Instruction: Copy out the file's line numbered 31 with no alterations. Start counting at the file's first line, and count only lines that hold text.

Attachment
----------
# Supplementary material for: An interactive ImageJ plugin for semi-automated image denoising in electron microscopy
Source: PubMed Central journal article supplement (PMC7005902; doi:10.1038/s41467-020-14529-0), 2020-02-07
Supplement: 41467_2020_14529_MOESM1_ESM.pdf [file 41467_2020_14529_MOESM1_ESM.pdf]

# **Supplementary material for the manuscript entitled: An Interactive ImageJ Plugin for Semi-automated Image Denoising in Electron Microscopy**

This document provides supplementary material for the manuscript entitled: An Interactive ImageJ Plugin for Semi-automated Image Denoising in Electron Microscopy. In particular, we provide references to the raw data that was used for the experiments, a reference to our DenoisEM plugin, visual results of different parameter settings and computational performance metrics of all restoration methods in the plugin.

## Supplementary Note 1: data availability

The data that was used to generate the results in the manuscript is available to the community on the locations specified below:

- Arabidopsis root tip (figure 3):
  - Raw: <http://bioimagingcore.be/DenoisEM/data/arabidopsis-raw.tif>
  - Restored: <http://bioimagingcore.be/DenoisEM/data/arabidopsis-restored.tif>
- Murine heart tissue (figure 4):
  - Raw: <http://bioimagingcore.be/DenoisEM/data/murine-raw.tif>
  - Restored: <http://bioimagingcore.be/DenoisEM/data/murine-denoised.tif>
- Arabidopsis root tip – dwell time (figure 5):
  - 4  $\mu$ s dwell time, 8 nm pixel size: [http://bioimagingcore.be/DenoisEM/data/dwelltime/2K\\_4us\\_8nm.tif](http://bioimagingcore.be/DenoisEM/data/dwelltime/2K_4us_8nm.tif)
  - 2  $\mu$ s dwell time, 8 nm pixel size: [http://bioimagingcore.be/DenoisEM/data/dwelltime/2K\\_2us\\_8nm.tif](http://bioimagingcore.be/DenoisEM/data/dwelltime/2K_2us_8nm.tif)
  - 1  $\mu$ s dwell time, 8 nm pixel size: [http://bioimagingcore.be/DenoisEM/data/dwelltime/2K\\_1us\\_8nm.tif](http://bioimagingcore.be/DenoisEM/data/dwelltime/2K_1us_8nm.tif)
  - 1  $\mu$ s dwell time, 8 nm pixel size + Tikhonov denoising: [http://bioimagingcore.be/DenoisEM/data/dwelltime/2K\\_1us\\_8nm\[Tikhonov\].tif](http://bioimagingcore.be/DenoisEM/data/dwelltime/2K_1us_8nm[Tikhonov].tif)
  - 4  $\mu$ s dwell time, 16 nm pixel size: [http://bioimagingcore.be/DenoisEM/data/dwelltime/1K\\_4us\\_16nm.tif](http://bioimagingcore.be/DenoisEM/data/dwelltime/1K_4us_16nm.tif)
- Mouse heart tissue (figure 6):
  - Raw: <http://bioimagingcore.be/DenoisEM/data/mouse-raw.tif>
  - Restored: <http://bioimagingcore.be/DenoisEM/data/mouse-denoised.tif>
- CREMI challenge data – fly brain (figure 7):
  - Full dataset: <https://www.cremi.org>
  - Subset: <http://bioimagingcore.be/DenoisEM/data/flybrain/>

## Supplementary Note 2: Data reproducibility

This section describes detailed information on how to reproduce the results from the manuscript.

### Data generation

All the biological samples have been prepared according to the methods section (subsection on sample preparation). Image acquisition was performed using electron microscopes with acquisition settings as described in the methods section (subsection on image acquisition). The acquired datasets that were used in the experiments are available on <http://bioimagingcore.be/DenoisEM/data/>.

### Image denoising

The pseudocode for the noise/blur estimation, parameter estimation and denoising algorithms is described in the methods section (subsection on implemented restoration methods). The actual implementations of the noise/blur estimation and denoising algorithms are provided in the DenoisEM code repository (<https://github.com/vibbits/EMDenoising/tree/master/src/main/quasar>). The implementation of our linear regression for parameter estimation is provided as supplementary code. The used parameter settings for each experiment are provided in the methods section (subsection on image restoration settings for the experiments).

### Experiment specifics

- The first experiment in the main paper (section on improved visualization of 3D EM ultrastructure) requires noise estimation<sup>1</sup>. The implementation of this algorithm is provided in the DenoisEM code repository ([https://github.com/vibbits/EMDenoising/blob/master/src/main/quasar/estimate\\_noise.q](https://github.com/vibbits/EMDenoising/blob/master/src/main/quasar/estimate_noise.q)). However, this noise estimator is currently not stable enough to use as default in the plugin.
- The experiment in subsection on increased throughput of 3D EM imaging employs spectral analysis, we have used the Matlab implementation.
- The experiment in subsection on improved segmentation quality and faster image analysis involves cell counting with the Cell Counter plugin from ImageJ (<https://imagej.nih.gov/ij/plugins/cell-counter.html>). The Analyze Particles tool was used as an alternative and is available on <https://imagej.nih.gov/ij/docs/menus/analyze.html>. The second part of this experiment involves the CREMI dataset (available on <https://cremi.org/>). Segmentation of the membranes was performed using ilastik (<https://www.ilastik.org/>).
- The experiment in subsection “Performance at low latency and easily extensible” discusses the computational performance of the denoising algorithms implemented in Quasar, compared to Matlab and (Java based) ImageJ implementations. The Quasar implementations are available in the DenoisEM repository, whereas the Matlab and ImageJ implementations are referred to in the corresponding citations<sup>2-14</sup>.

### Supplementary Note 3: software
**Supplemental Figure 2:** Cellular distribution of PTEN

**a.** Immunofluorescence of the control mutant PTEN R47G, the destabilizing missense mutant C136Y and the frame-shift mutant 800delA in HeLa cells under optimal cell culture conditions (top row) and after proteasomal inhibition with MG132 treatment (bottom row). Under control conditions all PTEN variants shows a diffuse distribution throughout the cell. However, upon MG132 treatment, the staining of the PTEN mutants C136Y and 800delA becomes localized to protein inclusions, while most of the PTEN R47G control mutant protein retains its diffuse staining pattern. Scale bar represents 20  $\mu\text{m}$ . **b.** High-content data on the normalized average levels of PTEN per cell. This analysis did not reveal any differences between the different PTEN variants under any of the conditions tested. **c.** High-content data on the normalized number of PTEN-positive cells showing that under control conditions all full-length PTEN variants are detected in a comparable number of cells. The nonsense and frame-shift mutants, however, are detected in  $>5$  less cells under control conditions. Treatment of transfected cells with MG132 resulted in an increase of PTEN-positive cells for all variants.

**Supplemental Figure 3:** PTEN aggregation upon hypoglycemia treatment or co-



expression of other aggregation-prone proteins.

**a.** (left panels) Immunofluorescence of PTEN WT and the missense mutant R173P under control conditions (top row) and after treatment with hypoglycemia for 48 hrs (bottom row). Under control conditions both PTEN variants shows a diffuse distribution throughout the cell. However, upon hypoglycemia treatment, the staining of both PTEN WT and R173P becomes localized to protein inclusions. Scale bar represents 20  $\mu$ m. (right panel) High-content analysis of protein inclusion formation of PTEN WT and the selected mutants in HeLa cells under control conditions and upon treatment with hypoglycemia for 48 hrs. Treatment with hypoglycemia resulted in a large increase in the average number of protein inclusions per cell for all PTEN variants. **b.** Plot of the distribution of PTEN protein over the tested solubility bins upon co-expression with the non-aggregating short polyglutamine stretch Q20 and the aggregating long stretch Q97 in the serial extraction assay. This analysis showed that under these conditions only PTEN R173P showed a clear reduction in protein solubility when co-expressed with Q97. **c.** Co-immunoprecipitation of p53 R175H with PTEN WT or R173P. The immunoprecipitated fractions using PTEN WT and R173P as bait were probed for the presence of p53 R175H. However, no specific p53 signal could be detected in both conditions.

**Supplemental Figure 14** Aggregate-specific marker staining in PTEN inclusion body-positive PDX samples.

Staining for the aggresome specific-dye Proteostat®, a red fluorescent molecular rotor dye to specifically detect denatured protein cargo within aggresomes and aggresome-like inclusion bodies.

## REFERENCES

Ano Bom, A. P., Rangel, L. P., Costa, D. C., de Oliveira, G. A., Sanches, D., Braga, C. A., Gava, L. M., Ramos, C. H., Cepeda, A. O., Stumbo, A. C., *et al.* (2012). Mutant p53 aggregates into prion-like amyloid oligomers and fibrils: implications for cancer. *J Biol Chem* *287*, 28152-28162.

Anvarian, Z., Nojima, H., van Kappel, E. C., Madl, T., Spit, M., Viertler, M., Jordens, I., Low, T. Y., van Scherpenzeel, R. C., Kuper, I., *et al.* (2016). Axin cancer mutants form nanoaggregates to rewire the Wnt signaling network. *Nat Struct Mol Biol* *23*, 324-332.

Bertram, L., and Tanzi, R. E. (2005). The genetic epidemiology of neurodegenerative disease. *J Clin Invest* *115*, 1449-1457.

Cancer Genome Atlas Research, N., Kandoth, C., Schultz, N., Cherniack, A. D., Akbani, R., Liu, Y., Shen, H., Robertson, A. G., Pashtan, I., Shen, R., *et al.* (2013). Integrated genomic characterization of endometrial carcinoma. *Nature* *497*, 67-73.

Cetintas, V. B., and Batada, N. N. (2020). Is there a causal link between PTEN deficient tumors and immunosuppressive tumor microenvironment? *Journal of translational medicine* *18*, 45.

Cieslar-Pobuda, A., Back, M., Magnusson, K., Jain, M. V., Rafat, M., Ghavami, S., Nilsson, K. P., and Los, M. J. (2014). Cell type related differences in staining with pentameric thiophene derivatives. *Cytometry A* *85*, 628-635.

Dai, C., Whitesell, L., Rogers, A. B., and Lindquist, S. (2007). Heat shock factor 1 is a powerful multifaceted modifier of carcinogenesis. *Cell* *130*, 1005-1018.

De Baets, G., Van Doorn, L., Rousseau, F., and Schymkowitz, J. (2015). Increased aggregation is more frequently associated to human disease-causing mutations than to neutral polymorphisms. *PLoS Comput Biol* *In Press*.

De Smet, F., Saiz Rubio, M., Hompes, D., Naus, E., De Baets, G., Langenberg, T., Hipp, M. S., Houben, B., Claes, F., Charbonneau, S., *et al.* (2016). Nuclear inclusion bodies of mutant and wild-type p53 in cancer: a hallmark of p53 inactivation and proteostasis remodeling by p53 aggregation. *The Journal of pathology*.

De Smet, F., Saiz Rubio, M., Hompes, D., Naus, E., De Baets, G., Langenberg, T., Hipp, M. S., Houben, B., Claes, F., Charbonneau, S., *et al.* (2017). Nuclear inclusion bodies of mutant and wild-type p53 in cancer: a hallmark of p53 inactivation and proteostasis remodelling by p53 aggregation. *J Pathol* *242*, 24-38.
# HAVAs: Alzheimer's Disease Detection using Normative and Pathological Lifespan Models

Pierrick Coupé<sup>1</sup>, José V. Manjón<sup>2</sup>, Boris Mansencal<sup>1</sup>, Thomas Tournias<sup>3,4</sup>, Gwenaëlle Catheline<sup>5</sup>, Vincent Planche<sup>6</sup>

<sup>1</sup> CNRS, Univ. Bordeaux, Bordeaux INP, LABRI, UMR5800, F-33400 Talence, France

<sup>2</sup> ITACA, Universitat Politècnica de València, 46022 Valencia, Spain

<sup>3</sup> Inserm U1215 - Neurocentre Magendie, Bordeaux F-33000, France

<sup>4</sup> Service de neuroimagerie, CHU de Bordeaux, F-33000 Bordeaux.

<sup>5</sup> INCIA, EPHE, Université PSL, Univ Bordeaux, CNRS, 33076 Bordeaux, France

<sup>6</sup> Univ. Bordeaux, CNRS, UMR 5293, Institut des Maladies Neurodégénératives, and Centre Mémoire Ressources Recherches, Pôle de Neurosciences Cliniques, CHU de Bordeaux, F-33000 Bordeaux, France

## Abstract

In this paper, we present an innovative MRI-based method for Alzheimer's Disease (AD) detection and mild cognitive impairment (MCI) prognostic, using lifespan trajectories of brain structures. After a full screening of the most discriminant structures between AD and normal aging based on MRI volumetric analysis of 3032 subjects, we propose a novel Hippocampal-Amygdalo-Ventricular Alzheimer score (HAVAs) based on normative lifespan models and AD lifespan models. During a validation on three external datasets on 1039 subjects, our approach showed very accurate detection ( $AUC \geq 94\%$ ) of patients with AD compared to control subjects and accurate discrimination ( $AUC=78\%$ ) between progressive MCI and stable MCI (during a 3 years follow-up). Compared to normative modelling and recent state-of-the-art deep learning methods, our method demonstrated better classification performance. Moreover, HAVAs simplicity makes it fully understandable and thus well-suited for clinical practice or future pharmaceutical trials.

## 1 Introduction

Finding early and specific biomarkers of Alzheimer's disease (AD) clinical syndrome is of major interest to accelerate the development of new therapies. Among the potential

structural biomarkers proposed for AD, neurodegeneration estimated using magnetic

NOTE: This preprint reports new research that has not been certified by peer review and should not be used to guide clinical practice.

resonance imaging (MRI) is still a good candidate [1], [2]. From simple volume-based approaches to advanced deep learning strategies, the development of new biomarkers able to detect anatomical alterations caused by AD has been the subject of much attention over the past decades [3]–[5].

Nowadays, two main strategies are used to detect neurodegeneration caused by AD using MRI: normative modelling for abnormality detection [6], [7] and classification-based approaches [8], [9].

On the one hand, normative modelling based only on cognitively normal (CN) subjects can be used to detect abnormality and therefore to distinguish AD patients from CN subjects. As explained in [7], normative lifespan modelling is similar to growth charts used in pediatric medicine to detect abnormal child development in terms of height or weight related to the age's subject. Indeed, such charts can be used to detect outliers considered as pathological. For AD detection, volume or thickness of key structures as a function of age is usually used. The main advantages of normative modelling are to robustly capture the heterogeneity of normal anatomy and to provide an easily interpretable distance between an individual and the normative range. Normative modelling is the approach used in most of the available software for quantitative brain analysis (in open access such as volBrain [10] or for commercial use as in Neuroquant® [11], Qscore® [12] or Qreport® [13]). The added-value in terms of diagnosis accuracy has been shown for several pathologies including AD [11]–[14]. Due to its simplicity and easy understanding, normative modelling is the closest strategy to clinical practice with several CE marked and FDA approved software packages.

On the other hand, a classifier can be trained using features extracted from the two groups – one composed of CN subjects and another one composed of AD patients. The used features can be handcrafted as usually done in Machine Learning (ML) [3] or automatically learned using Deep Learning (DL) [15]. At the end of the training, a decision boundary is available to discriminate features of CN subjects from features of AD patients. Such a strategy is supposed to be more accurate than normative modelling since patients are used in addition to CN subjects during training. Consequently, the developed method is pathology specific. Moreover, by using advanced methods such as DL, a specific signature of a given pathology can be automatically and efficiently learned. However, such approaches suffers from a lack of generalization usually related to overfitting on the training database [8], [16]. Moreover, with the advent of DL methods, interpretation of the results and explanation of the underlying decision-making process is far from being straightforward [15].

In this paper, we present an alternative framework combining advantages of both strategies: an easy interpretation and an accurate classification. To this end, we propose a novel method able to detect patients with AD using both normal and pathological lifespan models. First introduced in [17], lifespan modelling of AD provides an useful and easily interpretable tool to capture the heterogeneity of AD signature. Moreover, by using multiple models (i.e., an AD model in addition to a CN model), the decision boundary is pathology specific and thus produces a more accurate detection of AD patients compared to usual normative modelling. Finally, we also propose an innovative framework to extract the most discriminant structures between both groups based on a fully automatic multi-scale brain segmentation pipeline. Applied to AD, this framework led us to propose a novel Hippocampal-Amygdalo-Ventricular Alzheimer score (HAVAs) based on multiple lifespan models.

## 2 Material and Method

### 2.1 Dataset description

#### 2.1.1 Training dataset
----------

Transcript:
The pseudocode for the noise/blur estimation, parameter estimation and denoising algorithms is described in the methods section (subsection on implemented restoration methods). The actual implementations of the noise/blur estimation and denoising algorithms are provided in the DenoisEM code repository (<https://github.com/vibbits/EMDenoising/tree/master/src/main/quasar>). The implementation of our linear regression for parameter estimation is provided as supplementary code. The used parameter settings for each experiment are provided in the methods section (subsection on image restoration settings for the experiments).